Dead or Alive 4 (2005)

Video Game   |  Action, Drama, Mystery

Dead or Alive 4 (2005) Poster

The fourth Dead or Alive game in the series.



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Cast & Crew

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Katsunori Ehara , Tomonobu Itagaki , Hiroaki Matsui


Tomonobu Itagaki (creator)

Reviews & Commentary

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User Reviews

25 September 2008 | jaywolfenstien
How to kill a good fighting game
DOA4 is the tragic case of a spectacular fighting game whose single player modes completely and utterly ruin the entire experience. Unless you A.) are a hardcore veteran of the DOA world, B.) have friends who play the game and/or play online. Or C.) enjoy learning by the "if you don't have perfect timing and execution, I will smash your face in with a baseball bat" school of teaching, then you might want to find something more worthwhile to do with your money (like using it as suppositories for your pets, for example.)

In fighting game's past, the player was presented with six to eight difficulty options. Dead or Alive 4 has three options, and on "Normal" (the easiest) you can expect to be stunned, staggered, popped up, juggled for a nine hit combo, slammed into the wall twice and 75% of your life is gone. When you get up to retaliate, assuming you make it up, you can expect the AI to counter your attack, putting you right back down on the ground. Meanwhile, it plays a mean mix-up game making it nigh impossible to counter them.

And once you dredge through seven matches of fighting game hell, you might get the privilege of facing Alpha-152 who can teleport out of range of the first hit of your combo into the path of the second hit and teleport out of range (again) where she counters. That counter? It takes off 75% of your health. No, I'm not exaggerating. Her teleports also have a knack for throwing off your button input, which really doesn't matter because she teleported off camera and punishes you before you can even see where she went (much less have time to retaliate.) In other words, there is no conceivable way Alpha-152 could lose unless you get lucky.

And that's how the entire single player experience feels. A game of luck. Forget skill, forget timing, forget mixing up high/mids/lows, punches/kicks. If the computer wants to counter you, it will. If it doesn't, you might win. Might. Do you feel lucky, punk? Oh, and by the way, much of the unlocking involves beating this insane Russian roulette of a challenge multiple times per character.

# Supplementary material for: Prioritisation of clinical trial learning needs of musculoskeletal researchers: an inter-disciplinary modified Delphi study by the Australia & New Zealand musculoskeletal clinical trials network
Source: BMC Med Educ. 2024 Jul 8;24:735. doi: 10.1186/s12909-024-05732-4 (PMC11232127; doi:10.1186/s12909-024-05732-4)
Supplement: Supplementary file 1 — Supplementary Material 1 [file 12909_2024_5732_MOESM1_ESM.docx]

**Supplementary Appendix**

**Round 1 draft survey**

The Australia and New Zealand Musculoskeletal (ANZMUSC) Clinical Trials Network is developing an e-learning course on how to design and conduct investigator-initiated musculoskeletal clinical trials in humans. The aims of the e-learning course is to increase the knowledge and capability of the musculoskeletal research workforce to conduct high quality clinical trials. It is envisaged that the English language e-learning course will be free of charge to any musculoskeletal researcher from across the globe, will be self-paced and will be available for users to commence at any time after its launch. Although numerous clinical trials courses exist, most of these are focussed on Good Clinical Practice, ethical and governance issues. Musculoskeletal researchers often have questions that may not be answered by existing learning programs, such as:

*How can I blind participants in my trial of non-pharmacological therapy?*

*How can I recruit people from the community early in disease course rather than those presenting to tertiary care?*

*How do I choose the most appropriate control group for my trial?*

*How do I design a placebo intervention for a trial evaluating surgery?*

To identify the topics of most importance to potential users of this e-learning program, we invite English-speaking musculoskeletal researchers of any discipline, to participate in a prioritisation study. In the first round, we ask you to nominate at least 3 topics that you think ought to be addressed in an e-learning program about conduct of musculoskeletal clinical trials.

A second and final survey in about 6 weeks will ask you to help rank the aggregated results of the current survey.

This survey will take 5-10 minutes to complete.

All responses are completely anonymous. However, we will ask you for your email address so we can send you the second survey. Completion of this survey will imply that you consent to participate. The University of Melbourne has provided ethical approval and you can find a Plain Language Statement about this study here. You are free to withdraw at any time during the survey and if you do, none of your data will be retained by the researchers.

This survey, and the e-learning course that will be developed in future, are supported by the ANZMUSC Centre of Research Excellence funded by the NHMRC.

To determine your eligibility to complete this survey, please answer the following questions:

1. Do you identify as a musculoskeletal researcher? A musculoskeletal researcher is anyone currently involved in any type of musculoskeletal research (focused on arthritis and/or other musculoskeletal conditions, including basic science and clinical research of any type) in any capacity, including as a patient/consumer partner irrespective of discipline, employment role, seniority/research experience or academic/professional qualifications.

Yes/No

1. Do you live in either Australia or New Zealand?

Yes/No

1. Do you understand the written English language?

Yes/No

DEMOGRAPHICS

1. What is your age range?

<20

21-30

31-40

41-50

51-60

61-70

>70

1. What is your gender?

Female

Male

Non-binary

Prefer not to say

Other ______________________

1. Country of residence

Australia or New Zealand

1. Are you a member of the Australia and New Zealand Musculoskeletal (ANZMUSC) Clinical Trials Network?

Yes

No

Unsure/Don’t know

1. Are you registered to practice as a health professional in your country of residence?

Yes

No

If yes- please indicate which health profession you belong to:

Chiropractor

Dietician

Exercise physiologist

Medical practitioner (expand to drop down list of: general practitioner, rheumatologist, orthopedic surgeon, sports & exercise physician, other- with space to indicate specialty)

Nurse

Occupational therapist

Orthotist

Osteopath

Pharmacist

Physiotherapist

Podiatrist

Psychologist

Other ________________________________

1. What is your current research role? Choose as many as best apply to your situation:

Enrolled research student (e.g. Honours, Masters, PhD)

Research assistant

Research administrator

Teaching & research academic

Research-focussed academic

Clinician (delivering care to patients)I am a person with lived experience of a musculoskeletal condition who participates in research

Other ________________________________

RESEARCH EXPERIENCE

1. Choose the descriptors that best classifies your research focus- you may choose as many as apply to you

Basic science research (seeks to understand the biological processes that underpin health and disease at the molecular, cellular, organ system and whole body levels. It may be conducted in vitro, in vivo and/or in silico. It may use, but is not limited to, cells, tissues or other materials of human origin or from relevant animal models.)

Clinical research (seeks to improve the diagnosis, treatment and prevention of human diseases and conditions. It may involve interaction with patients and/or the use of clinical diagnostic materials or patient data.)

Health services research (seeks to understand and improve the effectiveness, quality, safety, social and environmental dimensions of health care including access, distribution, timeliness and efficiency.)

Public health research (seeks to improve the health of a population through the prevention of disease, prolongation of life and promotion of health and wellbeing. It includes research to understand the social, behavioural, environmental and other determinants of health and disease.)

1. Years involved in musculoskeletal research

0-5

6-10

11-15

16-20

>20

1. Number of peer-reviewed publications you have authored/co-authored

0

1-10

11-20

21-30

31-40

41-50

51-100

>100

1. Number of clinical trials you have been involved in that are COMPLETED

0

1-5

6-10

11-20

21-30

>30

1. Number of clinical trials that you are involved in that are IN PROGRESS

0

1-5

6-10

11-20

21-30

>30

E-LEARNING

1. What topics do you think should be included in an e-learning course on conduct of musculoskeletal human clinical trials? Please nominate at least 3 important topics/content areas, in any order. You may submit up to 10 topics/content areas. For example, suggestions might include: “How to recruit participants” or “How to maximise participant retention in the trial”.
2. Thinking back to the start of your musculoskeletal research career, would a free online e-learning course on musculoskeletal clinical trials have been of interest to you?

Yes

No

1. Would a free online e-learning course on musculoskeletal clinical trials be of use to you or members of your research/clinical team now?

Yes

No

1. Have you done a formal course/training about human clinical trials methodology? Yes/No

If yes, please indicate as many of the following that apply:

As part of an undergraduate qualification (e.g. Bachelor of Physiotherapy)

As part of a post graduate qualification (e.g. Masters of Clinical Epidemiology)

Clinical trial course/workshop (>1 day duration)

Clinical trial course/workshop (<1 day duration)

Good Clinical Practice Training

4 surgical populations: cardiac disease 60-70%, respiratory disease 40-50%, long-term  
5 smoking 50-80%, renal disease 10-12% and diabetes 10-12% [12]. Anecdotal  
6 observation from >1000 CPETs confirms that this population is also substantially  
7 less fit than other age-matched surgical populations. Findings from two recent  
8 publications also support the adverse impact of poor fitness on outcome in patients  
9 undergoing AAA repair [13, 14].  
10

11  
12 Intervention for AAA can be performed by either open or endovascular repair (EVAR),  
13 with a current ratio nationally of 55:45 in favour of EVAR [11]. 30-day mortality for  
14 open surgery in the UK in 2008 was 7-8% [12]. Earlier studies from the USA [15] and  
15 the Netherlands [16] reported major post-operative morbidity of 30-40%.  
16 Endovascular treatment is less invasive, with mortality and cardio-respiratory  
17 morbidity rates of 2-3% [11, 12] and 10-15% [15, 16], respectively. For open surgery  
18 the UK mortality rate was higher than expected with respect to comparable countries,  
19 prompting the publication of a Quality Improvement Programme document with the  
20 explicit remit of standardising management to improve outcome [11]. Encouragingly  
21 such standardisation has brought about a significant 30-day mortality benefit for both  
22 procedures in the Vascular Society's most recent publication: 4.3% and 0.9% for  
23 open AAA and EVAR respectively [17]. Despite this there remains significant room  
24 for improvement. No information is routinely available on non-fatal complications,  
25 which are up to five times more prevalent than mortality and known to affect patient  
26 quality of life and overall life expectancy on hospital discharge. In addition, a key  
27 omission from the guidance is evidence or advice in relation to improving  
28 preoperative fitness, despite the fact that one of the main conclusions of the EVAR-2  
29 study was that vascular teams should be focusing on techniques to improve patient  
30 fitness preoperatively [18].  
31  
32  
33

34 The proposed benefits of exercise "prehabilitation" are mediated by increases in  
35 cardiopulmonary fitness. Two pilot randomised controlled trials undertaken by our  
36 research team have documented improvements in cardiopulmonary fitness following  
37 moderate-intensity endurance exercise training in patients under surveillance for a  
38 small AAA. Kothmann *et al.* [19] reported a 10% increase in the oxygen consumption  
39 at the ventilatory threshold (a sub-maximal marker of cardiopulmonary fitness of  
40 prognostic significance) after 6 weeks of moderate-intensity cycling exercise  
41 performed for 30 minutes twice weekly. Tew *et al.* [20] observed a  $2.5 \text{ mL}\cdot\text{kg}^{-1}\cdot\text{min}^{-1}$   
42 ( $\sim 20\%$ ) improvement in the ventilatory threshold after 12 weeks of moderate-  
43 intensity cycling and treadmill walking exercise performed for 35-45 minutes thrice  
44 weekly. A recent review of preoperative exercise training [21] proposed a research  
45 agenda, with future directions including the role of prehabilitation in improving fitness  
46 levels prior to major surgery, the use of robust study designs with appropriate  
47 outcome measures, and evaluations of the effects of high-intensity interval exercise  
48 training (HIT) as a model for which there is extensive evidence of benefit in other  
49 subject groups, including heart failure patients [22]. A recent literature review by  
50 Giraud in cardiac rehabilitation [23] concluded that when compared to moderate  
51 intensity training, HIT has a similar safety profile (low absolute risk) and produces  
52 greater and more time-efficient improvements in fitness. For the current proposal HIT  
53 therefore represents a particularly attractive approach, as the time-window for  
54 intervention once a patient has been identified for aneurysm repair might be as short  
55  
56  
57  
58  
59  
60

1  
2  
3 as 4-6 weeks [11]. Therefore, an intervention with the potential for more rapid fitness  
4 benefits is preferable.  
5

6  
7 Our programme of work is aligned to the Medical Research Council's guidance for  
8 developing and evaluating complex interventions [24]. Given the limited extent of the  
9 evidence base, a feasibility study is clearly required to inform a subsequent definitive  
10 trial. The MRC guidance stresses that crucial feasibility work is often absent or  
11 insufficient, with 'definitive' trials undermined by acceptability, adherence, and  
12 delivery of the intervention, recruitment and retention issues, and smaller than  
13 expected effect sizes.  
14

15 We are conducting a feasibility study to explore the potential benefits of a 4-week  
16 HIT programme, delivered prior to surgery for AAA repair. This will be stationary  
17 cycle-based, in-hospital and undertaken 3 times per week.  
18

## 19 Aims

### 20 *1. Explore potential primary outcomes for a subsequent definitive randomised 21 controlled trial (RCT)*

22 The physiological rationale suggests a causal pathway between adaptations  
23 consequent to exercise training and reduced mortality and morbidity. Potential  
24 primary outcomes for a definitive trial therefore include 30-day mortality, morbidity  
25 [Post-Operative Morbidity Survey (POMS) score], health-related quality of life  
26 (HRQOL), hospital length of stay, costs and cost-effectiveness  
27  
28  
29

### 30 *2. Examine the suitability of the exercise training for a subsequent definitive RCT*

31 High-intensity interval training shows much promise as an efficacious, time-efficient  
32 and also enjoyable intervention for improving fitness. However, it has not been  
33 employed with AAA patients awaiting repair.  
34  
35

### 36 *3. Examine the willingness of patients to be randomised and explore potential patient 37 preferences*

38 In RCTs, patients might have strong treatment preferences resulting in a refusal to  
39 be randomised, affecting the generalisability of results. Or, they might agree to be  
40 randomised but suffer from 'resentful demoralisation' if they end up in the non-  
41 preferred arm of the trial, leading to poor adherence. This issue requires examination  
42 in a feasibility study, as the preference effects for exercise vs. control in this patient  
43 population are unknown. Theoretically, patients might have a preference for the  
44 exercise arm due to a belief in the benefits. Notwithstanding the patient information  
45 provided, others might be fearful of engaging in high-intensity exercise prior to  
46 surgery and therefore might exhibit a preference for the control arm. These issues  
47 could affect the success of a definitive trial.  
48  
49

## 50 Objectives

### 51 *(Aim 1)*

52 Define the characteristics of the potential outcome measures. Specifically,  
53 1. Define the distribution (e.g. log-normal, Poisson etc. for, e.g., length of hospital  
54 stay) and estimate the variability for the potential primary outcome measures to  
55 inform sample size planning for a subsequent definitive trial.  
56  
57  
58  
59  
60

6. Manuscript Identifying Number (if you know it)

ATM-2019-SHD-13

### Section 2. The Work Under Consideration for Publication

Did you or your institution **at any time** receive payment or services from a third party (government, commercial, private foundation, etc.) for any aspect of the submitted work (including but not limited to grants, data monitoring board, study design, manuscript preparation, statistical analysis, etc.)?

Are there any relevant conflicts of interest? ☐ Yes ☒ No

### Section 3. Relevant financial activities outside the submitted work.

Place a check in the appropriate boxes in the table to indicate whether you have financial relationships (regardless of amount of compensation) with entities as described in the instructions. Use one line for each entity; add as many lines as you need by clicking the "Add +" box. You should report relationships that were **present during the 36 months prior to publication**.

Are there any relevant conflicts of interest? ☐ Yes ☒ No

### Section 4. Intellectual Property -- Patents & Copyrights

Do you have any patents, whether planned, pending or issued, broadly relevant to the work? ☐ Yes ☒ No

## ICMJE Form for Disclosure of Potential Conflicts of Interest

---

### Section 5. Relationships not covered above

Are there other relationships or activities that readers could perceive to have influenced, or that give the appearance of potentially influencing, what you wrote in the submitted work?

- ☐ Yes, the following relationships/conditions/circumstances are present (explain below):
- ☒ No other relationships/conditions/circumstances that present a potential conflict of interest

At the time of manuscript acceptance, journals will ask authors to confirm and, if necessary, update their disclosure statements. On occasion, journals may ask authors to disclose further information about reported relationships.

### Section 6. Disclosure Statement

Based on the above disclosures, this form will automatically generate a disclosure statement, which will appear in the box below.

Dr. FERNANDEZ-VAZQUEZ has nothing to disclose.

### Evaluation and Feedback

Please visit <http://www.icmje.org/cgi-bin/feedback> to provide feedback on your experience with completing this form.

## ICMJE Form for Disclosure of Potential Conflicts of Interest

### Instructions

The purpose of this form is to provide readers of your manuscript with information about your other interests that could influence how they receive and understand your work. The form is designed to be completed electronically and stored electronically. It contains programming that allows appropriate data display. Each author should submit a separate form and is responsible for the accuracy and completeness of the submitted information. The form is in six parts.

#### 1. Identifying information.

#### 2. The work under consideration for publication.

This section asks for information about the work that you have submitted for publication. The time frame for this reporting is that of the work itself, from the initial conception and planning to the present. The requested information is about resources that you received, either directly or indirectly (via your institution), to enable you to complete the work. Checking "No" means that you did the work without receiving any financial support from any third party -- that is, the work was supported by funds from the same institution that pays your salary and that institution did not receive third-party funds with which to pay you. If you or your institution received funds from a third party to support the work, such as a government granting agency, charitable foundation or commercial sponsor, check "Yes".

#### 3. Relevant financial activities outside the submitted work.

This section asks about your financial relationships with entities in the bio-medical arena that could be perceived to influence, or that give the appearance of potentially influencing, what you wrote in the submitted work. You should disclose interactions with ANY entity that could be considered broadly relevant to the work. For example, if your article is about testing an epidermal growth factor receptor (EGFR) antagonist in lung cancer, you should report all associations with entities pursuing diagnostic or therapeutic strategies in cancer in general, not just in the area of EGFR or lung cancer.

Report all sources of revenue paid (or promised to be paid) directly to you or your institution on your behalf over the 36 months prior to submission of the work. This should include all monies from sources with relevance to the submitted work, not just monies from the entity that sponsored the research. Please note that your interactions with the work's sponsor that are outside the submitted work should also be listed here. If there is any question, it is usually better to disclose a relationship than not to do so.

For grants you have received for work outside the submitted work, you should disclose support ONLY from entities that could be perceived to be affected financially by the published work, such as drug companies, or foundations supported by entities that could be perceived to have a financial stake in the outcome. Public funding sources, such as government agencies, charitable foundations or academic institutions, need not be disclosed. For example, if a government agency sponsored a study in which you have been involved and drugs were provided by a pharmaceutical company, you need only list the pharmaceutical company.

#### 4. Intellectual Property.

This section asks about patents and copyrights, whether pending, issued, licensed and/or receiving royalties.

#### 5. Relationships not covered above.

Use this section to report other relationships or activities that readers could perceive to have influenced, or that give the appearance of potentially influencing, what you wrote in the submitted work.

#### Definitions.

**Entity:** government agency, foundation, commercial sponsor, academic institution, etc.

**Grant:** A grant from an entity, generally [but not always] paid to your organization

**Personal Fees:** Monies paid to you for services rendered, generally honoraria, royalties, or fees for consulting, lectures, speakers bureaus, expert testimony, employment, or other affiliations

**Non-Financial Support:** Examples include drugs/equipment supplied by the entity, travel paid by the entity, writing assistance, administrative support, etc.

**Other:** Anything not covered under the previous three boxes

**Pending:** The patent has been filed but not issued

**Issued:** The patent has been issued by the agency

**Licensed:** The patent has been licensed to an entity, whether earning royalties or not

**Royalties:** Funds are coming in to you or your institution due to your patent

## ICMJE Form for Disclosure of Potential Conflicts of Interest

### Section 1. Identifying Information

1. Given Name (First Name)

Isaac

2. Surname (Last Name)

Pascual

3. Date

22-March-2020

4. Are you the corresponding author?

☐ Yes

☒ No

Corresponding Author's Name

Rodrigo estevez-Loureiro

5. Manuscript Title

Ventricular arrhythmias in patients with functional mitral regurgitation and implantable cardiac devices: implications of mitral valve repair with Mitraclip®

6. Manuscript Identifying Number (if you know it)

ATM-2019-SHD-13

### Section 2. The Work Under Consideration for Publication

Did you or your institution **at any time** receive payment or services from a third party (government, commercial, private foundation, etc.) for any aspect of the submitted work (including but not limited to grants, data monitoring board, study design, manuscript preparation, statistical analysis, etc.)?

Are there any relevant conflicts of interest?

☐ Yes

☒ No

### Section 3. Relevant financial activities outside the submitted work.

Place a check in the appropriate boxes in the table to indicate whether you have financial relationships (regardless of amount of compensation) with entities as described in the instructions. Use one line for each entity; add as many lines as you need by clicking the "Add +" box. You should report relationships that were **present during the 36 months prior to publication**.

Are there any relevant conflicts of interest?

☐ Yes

That's all fine and dandy for veterans of the series looking for steeper competition from the easy AI of DOA's past, but um, Team Ninja … what about those of us who have to work out the cobwebs from when we last played DOA half a decade ago? Or what about people just coming to the series cold? Team Ninja's answer is apparently for the rest of us to "F*** off."

Now be careful because I'm not complaining about the difficulty – I'm complaining about the lack of a choice. Again, challenge is nice. There's nothing wrong with a challenge. But to take away the freedom of meeting said challenge when the player is ready? That is unforgivable for a fighting game.

DOA4's lack of a choice and it's "challenge" had an interesting side-effect: for the first time in my fighting game career I actually cared that the endings are irrelevant animated anecdotes that have nothing to do with the, ahem, "story." I'll accept a laughable excuse for a plot – read my review of Symphony of the Night or Soul Calibur IV for proof. But, Tecmo, if I have to give up part of my soul to beat your frickin' game, you better deliver more than half-assed endings and a stupid bonus costume.

It pains me to write a review so negative. It really does. I do like the franchise and, as stated in the first paragraph, it is a spectacular, fast paced, fighting game.

One of the major standouts of the DOA series is the detailed interactive environments – environments so well done they actually overshadow the character models. Not only can you smash your opponent into a wall, send them flying through a window, falling from a narrow rope bridge, or tumbling down a flight of steps – now you can also knock them over furniture, railings, or a street median … and then jump over and drop kick them as they get up. Oh, and now environment can finally hit back – most notably on a city street where drivers aren't afraid to plow through pedestrians or combatants (10 points for nailing a pedestrian, 50 points for a combatant, and infinity points to run down the SOB who thought Alpha-152 was a good idea.)

Initially, you get control of sixteen colorful characters, including wrestlers (Bass, Tina), street brawlers (Bayman), ninjas (Hayabuse, Kasumi, Ayane), the obligatory Bruce Lee impersonator (Jan Lee), an assassin (Christie), and a bit of everything. As per fighting game tradition, the roster expands as you endure story mode time and time again, opening up Ein, Helena, Leon, Gen-Fu, Tengu, and a Halo cameo. While the environments are spectacular, the character models all look like animated figurines and not flesh and blood characters. They're okay, but it's hardly the graphical step up a next gen system's fighter could take.

As much as I like the fighting engine. I absolute despise the god-awful one-player experience. I can't say it enough. It ruins the game. If DOA4 did not have an online mode, it would not be worth your time. Much less your money.


Release Date:

29 December 2005


English, Japanese

Country of Origin


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